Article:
If you don’t want to use statins, or they don’t work, you can use other medications: such as ezetimibe, bempedoic acid, fibrates and bile acid sequestrants (also called resins). There are also injections you can use, such as alirocumab and evolocumab.
Is there a ‘best’ treatment for high cholesterol?
Typically, the best treatment for high cholesterol is to try to cut out the amount of saturated fats and carbohydrates in your diet, as well as to increase your level of exercise. But for some people this doesn’t work, or isn’t easy to do.
Failing this, statins have been observed to lower the risk of people with high cholesterol from experiencing heart attacks by 24% and cardiovascular disease by 18%.
Does high cholesterol always need treatment?
No, many people can lower their cholesterol without treatment. For instance, some have been able to keep their high cholesterol levels within the normal range by making simple lifestyle changes like more regular exercise and a healthier diet. A diet rich in fruits, vegetables and low in saturated and trans fat is very helpful to lower LDL (bad) cholesterol.
But if you have high cholesterol despite making these changes, talking to our clinical team would be the best way to deal with it. Our doctor will examine your general health condition and suggest treatment that’s right for you.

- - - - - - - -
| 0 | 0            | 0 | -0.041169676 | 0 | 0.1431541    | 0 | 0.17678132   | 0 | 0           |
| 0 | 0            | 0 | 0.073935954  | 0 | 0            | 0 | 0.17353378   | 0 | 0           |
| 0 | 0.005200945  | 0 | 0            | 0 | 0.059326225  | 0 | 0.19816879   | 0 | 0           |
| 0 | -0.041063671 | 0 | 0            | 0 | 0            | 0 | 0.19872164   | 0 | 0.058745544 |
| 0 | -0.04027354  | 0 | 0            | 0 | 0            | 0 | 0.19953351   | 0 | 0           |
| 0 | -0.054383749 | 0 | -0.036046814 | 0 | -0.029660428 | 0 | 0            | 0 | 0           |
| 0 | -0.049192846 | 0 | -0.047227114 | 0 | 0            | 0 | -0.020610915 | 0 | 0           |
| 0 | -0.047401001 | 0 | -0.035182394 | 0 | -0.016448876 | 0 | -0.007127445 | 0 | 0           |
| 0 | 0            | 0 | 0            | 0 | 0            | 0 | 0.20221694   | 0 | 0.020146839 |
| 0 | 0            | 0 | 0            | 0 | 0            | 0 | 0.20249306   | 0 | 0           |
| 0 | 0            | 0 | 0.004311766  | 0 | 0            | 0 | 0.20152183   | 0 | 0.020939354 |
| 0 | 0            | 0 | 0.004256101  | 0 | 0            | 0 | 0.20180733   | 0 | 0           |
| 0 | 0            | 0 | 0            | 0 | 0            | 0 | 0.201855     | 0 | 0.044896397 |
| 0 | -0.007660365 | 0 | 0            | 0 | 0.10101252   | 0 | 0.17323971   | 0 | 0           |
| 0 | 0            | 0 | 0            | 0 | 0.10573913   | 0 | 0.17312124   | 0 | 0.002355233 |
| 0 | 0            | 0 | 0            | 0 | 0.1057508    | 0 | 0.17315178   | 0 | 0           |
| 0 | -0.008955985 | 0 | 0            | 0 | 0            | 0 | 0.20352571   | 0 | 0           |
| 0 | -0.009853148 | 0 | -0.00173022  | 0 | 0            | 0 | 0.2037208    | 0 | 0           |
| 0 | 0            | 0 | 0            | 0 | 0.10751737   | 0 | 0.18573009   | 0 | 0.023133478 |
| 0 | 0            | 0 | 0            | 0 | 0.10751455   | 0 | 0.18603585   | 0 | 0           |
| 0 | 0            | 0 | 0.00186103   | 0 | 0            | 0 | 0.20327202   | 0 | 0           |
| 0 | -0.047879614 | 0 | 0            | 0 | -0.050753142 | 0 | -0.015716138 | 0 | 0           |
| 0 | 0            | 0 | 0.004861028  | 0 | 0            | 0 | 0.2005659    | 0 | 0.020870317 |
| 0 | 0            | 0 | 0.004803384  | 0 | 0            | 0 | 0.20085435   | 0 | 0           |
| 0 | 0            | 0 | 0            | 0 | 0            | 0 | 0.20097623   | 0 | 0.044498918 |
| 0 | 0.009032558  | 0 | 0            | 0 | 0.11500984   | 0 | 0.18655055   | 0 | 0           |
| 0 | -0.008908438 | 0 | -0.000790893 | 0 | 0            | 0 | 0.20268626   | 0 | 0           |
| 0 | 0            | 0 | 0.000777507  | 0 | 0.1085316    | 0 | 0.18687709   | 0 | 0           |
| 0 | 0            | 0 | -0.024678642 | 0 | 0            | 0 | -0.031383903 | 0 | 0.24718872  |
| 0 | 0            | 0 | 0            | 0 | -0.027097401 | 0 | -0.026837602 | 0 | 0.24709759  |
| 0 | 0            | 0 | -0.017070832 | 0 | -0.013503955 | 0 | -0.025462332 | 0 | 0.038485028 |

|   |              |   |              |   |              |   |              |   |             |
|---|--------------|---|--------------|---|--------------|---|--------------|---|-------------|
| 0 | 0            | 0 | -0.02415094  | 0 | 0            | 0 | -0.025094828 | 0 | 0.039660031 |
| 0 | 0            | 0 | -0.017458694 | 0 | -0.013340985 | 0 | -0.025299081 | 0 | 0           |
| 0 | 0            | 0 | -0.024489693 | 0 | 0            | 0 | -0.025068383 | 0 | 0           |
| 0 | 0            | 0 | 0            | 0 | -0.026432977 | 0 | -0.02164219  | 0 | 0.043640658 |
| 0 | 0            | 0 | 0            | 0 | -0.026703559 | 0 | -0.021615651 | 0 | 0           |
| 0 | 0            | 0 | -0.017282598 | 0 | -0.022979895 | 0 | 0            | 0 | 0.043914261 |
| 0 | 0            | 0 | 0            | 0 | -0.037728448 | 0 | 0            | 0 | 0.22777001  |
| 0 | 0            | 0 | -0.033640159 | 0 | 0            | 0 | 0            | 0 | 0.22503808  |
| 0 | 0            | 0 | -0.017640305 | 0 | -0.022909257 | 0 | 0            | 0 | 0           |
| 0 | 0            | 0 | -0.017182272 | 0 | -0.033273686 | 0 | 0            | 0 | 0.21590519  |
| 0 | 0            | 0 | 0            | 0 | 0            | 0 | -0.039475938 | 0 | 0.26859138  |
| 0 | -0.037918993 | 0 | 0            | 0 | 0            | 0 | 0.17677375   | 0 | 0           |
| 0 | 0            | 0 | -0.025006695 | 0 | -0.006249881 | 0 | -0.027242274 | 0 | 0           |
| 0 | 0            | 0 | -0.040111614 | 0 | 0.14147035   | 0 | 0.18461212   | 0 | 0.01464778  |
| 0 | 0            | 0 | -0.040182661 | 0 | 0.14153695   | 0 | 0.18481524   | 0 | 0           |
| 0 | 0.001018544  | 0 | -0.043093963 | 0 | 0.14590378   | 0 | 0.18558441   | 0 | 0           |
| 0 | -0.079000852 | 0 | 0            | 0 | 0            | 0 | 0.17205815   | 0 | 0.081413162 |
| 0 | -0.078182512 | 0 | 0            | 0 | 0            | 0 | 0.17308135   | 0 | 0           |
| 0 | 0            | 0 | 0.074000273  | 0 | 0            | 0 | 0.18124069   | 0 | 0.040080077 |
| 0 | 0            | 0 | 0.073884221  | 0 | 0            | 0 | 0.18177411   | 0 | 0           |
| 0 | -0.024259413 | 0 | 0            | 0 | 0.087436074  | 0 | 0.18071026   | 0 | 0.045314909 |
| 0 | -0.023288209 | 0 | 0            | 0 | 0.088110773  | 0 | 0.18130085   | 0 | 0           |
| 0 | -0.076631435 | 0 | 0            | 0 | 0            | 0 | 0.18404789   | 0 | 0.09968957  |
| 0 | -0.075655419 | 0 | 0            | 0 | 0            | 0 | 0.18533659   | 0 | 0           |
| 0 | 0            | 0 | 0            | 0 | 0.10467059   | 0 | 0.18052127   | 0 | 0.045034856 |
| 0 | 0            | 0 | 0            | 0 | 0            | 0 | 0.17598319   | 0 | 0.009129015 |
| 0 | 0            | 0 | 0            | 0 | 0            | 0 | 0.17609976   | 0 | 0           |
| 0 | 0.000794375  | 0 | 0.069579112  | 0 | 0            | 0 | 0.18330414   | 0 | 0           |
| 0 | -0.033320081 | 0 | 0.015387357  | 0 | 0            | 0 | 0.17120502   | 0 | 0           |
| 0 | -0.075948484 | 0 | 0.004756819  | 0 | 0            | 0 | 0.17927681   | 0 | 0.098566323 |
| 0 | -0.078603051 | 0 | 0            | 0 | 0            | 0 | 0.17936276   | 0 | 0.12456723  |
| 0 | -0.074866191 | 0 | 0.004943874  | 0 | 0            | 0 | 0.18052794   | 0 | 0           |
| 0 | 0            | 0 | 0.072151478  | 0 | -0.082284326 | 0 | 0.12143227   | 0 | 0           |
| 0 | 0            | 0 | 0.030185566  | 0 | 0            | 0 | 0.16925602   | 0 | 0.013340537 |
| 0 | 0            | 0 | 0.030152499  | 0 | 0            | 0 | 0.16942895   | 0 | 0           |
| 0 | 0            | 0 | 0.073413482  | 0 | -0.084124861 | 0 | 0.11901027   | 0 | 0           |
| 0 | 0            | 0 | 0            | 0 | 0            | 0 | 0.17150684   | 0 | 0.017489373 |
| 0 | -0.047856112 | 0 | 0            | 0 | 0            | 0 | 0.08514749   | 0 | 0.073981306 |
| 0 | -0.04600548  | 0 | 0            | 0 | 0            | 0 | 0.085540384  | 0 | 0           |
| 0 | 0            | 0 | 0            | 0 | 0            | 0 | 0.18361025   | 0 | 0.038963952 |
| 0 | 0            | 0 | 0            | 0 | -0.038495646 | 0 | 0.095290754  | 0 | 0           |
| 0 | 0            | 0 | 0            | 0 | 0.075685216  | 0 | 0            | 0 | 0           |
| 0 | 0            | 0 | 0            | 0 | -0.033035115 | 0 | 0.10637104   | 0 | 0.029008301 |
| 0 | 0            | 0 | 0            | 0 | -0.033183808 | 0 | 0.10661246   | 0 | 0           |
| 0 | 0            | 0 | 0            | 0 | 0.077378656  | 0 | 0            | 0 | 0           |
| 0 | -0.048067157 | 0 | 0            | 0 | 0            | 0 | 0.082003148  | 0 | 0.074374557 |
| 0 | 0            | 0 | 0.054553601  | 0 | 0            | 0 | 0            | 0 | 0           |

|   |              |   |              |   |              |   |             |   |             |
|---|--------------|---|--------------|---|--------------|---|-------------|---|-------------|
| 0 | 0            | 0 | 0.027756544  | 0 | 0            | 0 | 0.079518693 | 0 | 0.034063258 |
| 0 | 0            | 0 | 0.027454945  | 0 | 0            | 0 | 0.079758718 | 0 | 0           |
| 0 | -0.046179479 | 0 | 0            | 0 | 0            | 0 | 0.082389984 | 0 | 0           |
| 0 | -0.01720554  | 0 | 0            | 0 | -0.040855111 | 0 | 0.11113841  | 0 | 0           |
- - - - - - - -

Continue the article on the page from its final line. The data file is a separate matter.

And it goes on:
High cholesterol treatment may differ from person to person, depending on the seriousness of your condition, your age, risk factors and possible side effects from certain medicines.
FAQ: High cholesterol
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How is high cholesterol diagnosed?
High cholesterol is diagnosed from a cholesterol test. This can be done by taking blood from your arm. The blood test from your arm will usually take a few days for you to get your results, as it will need to be sent off to a lab. Whereas the results from the finger prick test can be ready within a few minutes.
Are there foods which lower cholesterol?
By replacing foods in your diet that are high in saturated fats with foods that are high in unsaturated fats, you can help to reduce your cholesterol levels. Foods that are high in saturated fats include: pies, fatty meats, cheese, cream and cakes. Foods that are high in unsaturated fats include: oily fish, nuts, seeds, avocados and vegetable oils and spreads.
It’s also important to increase your intake of fibre, which can be found in potato skins, fruits and vegetables and whole grains such as wholemeal bread.
You can also reduce your cholesterol levels by changing the way you cook things. For instance instead of frying or roasting foods, you can switch to grilling, microwaving or boiling.